Post-Independence, after the Constitution was adopted in 1950, there has been a constant clash between the Fundamental Right of Freedom of Speech and Expression and Section 124-A of the IPC. Gandhiji, on being charged with sedition charges, said that Section 124-A is one among those sections of the IPC which the government may adopt arbitrarily in order to curb the freedom and liberty of its people. Jawaharlal Nehru had described this section as “highly objectionable and obnoxious”. The basic dispute is whether Section 124A is Ultra-Vires the Constitution or is a reasonable restriction on Freedom of Speech and Expression. Two views are present. First, although Sedition is not specifically mentioned as a restriction under article 19(2), the fact that it is essentially a wrong against public tranquility and order, it is covered under reasonable restrictions on Right to Speech and hence is not Ultra-Vires the Constitution. The second view is, that as it has not been specifically mentioned in Article 19 (2), it cannot be said to be a reasonable restriction on Freedom of Speech and hence is Ultra-Vires the Constitution. The author agrees with the first interpretation, provided arrests are not made arbitrarily and on frivolous grounds. The restriction shall be reasonable and not on whims and fancies of the government just to oppress any voice of dissent.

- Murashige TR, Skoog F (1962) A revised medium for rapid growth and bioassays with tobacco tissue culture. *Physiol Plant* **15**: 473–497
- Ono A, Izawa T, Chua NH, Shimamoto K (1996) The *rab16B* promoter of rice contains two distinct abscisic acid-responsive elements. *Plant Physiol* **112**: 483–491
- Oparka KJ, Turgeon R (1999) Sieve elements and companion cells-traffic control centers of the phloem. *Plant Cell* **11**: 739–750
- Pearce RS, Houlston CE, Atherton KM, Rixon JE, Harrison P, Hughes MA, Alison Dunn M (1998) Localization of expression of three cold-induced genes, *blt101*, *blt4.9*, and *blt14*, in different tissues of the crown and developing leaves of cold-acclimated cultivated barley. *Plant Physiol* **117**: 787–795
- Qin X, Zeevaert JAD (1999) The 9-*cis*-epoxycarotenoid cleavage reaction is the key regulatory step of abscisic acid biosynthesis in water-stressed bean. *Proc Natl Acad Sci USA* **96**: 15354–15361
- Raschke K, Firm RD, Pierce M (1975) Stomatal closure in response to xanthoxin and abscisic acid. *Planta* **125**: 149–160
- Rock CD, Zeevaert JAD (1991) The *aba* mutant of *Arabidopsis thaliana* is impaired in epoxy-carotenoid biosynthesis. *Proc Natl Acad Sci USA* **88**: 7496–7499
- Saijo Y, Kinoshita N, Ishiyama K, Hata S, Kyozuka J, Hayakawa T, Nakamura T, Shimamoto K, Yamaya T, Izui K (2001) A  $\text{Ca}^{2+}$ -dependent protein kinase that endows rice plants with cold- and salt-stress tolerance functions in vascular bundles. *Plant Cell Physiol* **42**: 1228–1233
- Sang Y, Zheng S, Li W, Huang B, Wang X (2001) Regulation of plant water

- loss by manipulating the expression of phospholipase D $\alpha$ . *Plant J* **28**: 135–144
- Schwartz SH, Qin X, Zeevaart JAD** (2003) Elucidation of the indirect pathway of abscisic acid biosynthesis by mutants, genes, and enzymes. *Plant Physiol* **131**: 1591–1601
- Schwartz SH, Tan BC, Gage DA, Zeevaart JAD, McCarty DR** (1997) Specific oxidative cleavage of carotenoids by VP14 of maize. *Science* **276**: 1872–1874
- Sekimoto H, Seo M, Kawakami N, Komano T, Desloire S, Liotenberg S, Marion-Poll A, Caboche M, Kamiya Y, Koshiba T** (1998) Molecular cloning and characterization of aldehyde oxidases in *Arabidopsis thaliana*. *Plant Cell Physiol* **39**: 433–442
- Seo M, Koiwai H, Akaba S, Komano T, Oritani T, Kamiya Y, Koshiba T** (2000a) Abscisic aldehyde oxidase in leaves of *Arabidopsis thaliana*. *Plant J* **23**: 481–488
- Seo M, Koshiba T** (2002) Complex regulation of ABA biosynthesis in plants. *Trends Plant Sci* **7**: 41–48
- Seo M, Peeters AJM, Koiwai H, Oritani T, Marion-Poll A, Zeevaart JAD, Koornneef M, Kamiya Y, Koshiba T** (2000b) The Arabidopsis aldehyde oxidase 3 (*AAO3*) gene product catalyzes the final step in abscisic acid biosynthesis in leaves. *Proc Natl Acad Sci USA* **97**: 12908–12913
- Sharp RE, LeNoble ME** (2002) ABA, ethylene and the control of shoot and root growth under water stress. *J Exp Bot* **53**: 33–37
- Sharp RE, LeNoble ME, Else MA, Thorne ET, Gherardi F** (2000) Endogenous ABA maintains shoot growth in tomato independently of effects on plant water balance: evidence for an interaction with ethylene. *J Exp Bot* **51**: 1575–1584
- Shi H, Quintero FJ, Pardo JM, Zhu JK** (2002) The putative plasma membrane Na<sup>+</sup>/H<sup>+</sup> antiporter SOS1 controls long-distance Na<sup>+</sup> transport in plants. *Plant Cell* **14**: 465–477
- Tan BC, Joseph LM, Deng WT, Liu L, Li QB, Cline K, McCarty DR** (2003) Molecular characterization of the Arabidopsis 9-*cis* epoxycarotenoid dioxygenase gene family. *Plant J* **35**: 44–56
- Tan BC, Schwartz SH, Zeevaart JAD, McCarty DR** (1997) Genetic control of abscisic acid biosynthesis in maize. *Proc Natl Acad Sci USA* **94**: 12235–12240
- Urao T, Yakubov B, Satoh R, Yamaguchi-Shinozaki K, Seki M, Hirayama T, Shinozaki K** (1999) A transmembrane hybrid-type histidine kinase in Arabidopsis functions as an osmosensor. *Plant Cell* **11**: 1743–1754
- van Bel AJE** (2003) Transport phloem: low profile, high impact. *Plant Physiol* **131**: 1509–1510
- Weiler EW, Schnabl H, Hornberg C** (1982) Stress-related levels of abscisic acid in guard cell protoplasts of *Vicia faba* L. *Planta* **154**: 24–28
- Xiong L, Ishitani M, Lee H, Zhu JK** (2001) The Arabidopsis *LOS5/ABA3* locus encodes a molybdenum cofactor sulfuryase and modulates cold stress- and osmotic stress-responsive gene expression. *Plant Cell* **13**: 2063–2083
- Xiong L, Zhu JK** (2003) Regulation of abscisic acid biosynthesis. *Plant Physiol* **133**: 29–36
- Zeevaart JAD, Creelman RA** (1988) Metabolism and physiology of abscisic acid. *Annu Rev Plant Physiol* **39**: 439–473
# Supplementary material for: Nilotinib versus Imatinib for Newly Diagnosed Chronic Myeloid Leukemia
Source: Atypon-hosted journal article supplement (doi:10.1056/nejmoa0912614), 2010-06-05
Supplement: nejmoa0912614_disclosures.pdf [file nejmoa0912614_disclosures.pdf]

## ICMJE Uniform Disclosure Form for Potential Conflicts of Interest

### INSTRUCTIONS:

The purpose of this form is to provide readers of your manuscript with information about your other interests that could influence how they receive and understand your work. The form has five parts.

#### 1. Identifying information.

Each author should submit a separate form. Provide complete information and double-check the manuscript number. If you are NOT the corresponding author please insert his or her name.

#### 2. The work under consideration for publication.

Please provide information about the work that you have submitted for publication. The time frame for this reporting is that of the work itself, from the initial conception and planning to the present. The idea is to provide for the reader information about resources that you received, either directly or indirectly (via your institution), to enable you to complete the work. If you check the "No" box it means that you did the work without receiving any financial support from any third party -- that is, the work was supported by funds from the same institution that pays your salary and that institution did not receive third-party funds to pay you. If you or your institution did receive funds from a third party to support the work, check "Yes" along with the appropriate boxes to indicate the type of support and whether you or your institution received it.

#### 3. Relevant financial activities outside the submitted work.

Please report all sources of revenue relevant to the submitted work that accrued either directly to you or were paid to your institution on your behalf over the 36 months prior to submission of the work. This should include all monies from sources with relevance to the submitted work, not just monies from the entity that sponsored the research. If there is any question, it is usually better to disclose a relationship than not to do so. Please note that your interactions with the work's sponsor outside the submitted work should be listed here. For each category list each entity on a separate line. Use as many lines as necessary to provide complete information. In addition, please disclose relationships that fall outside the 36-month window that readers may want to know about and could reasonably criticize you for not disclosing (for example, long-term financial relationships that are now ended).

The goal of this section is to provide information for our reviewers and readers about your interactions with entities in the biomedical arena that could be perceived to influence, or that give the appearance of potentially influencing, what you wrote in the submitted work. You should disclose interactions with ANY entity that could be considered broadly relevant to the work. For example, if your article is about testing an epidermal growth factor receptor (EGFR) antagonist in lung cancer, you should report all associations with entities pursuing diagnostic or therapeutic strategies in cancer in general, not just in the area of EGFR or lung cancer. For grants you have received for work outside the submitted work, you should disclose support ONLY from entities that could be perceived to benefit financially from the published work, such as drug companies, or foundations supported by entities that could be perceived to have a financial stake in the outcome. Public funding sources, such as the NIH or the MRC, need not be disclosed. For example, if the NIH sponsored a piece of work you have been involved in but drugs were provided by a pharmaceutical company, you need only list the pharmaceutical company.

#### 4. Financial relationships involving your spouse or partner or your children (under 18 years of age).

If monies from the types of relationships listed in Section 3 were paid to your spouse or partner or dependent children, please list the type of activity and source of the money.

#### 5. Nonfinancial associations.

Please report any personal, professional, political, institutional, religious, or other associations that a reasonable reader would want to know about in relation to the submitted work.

A lot of arrests have been made under section 124-A recently. While the arrests are large in number, conviction has happened very rarely. The section is often used by the government to shut those criticizing it or any of its policies. Instead of being used sparingly, the government has been using it as a tool to curb any voices of opposition or disapprobation of its policies. For instance, Arundhati Roy’s speech for which she was charged for sedition didn’t posses elements of sedition as she expressed her view for Kashmir being an independent state. Anyone expressing his view for a state to secede from the Union of India or their wish for independence, without professing enemity or disaffection towards the government or exciting the same, shall not be charged with Sedition. It’s merely an expression of his ideas and point of view. The dispute over the constitutional validity of section 124-A is not new. In Kedar Nath Singh vs. Union of India[3], section 124-A was held to be constitutional. The Court differentiating between the Government established by law and persons engaged in carrying out the activities of the state said that if the government does not have measures to tackle hatred or contempt or maintain public order by punishing those trying to incite violence, the very existence of the state would jeopardize. However, every comment on the government criticizing or disapproving its actions, however strongly worded shall not be taken as seditious. Disaffection and disapprobation shall not be equated since both connote different meanings. A citizen has a right to think and convey whatever he dislikes about the Government, or its measures, by way of criticism or comment, so long as he does not incite people to violence against the Government established by law or with the intention of creating public disorder. That is the very essence of democracy: Dissent. A society that cannot criticize itself has the risk of getting atrophied. While the Supreme Court has upheld the constitutionality of the section, it limited its sphere of operation.